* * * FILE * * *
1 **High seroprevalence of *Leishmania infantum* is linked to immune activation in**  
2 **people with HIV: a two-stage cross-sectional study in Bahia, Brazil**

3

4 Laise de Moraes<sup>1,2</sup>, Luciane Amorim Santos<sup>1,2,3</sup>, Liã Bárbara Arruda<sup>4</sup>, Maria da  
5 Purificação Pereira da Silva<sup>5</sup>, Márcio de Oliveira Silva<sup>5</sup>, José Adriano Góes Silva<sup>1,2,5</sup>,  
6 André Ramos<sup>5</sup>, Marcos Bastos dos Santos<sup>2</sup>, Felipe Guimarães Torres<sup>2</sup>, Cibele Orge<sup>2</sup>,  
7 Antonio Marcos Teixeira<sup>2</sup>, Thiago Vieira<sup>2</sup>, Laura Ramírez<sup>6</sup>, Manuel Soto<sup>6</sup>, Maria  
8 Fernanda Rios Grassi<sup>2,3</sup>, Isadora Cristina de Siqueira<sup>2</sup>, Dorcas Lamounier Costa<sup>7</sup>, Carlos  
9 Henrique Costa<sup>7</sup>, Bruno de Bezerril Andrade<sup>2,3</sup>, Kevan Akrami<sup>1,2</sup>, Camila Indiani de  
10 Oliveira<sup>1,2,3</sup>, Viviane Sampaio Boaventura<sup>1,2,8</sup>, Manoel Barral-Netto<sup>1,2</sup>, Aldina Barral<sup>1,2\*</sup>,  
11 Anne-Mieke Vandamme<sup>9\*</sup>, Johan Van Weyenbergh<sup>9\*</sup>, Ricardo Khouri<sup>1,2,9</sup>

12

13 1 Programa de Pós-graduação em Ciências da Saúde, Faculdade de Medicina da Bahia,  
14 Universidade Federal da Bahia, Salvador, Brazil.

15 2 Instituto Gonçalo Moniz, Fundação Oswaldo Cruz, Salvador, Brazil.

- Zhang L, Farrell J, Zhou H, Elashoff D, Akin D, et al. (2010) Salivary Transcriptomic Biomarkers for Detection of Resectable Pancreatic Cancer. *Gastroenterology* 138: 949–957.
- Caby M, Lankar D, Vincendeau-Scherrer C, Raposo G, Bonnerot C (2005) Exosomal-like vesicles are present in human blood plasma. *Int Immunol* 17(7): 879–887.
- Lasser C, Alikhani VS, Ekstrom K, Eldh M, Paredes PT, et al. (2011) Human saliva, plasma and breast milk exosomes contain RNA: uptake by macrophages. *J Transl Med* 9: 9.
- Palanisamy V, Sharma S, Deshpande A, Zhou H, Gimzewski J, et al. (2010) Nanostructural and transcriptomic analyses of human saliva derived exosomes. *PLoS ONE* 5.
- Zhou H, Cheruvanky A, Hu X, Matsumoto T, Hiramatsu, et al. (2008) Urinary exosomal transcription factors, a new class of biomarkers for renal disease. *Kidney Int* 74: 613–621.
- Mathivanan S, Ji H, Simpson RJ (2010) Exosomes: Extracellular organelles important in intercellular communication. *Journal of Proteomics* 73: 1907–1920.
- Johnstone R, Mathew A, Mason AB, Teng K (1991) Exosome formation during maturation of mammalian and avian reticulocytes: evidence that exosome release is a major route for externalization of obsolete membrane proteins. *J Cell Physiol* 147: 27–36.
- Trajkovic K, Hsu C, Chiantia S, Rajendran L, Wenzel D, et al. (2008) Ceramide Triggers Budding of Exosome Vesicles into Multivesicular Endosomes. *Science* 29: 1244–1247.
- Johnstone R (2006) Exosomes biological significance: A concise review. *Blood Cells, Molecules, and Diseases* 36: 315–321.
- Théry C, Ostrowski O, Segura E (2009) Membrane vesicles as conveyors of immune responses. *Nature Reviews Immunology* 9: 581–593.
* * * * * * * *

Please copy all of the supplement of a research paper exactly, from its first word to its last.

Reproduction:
1 **High seroprevalence of *Leishmania infantum* is linked to immune activation in**  
2 **people with HIV: a two-stage cross-sectional study in Bahia, Brazil**

3

4 Laise de Moraes<sup>1,2</sup>, Luciane Amorim Santos<sup>1,2,3</sup>, Liã Bárbara Arruda<sup>4</sup>, Maria da  
5 Purificação Pereira da Silva<sup>5</sup>, Márcio de Oliveira Silva<sup>5</sup>, José Adriano Góes Silva<sup>1,2,5</sup>,  
6 André Ramos<sup>5</sup>, Marcos Bastos dos Santos<sup>2</sup>, Felipe Guimarães Torres<sup>2</sup>, Cibele Orge<sup>2</sup>,  
7 Antonio Marcos Teixeira<sup>2</sup>, Thiago Vieira<sup>2</sup>, Laura Ramírez<sup>6</sup>, Manuel Soto<sup>6</sup>, Maria  
8 Fernanda Rios Grassi<sup>2,3</sup>, Isadora Cristina de Siqueira<sup>2</sup>, Dorcas Lamounier Costa<sup>7</sup>, Carlos  
9 Henrique Costa<sup>7</sup>, Bruno de Bezerril Andrade<sup>2,3</sup>, Kevan Akrami<sup>1,2</sup>, Camila Indiani de  
10 Oliveira<sup>1,2,3</sup>, Viviane Sampaio Boaventura<sup>1,2,8</sup>, Manoel Barral-Netto<sup>1,2</sup>, Aldina Barral<sup>1,2\*</sup>,  
11 Anne-Mieke Vandamme<sup>9\*</sup>, Johan Van Weyenbergh<sup>9\*</sup>, Ricardo Khouri<sup>1,2,9</sup>

12

13 1 Programa de Pós-graduação em Ciências da Saúde, Faculdade de Medicina da Bahia,  
14 Universidade Federal da Bahia, Salvador, Brazil.

15 2 Instituto Gonçalo Moniz, Fundação Oswaldo Cruz, Salvador, Brazil.

- Zhang L, Farrell J, Zhou H, Elashoff D, Akin D, et al. (2010) Salivary Transcriptomic Biomarkers for Detection of Resectable Pancreatic Cancer. *Gastroenterology* 138: 949–957.
- Caby M, Lankar D, Vincendeau-Scherrer C, Raposo G, Bonnerot C (2005) Exosomal-like vesicles are present in human blood plasma. *Int Immunol* 17(7): 879–887.
- Lasser C, Alikhani VS, Ekstrom K, Eldh M, Paredes PT, et al. (2011) Human saliva, plasma and breast milk exosomes contain RNA: uptake by macrophages. *J Transl Med* 9: 9.
- Palanisamy V, Sharma S, Deshpande A, Zhou H, Gimzewski J, et al. (2010) Nanostructural and transcriptomic analyses of human saliva derived exosomes. *PLoS ONE* 5.
- Zhou H, Cheruvanky A, Hu X, Matsumoto T, Hiramatsu, et al. (2008) Urinary exosomal transcription factors, a new class of biomarkers for renal disease. *Kidney Int* 74: 613–621.
- Mathivanan S, Ji H, Simpson RJ (2010) Exosomes: Extracellular organelles important in intercellular communication. *Journal of Proteomics* 73: 1907–1920.
- Johnstone R, Mathew A, Mason AB, Teng K (1991) Exosome formation during maturation of mammalian and avian reticulocytes: evidence that exosome release is a major route for externalization of obsolete membrane proteins. *J Cell Physiol* 147: 27–36.
- Trajkovic K, Hsu C, Chiantia S, Rajendran L, Wenzel D, et al. (2008) Ceramide Triggers Budding of Exosome Vesicles into Multivesicular Endosomes. *Science* 29: 1244–1247.
- Johnstone R (2006) Exosomes biological significance: A concise review. *Blood Cells, Molecules, and Diseases* 36: 315–321.
- Théry C, Ostrowski O, Segura E (2009) Membrane vesicles as conveyors of immune responses. *Nature Reviews Immunology* 9: 581–593.